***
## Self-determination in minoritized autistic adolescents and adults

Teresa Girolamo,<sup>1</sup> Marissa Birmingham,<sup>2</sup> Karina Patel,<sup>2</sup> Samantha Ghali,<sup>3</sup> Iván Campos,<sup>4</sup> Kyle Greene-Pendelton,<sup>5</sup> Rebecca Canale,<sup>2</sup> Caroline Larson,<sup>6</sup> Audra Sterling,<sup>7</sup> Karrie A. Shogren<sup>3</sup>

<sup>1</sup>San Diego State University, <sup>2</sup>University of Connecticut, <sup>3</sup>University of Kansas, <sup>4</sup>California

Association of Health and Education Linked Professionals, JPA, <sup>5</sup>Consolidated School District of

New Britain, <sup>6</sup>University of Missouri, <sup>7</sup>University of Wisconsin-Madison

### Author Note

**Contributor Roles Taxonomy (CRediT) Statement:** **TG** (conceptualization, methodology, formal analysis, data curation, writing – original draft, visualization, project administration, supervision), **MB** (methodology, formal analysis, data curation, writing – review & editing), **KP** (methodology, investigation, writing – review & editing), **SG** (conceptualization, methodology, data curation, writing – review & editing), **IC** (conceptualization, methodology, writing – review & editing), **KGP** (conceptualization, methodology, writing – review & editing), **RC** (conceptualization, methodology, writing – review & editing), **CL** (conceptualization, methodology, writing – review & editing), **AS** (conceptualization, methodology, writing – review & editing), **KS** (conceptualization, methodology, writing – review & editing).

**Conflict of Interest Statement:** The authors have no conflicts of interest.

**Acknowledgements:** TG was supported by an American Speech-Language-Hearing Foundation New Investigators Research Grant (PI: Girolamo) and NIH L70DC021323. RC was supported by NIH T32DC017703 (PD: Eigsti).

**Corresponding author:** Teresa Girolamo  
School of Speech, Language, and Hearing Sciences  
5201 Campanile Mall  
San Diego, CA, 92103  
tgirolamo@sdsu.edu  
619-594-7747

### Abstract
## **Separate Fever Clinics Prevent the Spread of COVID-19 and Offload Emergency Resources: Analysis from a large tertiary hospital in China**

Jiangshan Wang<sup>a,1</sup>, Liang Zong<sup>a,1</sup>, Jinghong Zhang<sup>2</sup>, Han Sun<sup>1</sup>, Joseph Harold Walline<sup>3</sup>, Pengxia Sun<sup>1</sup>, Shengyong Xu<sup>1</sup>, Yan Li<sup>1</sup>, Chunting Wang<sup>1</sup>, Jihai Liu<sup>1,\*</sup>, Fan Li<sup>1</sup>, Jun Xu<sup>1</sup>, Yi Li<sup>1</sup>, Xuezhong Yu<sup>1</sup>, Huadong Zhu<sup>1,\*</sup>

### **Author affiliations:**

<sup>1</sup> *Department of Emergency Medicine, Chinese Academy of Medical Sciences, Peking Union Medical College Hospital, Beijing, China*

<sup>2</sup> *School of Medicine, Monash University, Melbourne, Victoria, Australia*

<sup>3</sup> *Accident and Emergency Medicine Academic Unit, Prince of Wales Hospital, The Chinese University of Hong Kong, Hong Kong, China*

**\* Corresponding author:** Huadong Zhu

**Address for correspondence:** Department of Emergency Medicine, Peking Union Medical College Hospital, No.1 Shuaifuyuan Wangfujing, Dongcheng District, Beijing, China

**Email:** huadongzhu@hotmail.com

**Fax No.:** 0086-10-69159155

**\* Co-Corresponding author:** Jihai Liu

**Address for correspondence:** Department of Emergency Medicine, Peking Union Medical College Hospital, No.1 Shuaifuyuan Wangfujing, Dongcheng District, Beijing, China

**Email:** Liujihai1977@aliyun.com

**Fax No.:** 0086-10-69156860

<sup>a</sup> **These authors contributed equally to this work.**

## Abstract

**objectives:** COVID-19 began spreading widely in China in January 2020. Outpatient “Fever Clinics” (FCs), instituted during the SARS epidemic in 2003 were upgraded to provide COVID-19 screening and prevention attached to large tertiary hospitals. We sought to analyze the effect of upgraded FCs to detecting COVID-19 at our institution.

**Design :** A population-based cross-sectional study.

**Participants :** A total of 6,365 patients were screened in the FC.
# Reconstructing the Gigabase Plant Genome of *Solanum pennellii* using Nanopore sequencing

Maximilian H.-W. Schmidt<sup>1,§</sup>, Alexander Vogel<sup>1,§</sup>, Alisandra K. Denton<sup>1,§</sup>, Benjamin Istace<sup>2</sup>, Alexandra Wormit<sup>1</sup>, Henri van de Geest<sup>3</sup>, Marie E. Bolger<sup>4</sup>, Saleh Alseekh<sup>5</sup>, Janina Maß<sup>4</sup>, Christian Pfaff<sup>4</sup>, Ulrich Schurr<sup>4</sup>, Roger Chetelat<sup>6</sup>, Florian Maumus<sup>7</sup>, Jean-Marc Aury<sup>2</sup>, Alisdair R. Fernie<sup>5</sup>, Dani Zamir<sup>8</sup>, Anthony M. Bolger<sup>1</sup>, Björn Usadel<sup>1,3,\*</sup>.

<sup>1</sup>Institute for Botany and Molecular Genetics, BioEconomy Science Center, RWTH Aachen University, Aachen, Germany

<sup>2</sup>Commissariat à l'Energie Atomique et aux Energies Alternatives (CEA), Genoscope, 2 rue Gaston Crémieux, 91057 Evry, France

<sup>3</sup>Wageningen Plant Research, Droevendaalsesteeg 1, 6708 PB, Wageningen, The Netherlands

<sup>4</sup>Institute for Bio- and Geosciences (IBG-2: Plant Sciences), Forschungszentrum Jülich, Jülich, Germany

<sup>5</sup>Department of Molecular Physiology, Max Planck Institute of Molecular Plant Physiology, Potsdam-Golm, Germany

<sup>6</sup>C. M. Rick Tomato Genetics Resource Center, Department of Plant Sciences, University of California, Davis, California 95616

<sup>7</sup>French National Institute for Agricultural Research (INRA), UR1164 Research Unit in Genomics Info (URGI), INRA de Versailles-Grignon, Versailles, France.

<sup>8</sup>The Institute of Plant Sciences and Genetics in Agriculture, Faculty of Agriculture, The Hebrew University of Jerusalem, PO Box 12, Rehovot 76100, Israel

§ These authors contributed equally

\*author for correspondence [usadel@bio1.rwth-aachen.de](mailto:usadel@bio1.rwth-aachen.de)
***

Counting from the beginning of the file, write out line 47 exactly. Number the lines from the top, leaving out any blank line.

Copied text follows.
\*author for correspondence [usadel@bio1.rwth-aachen.de](mailto:usadel@bio1.rwth-aachen.de)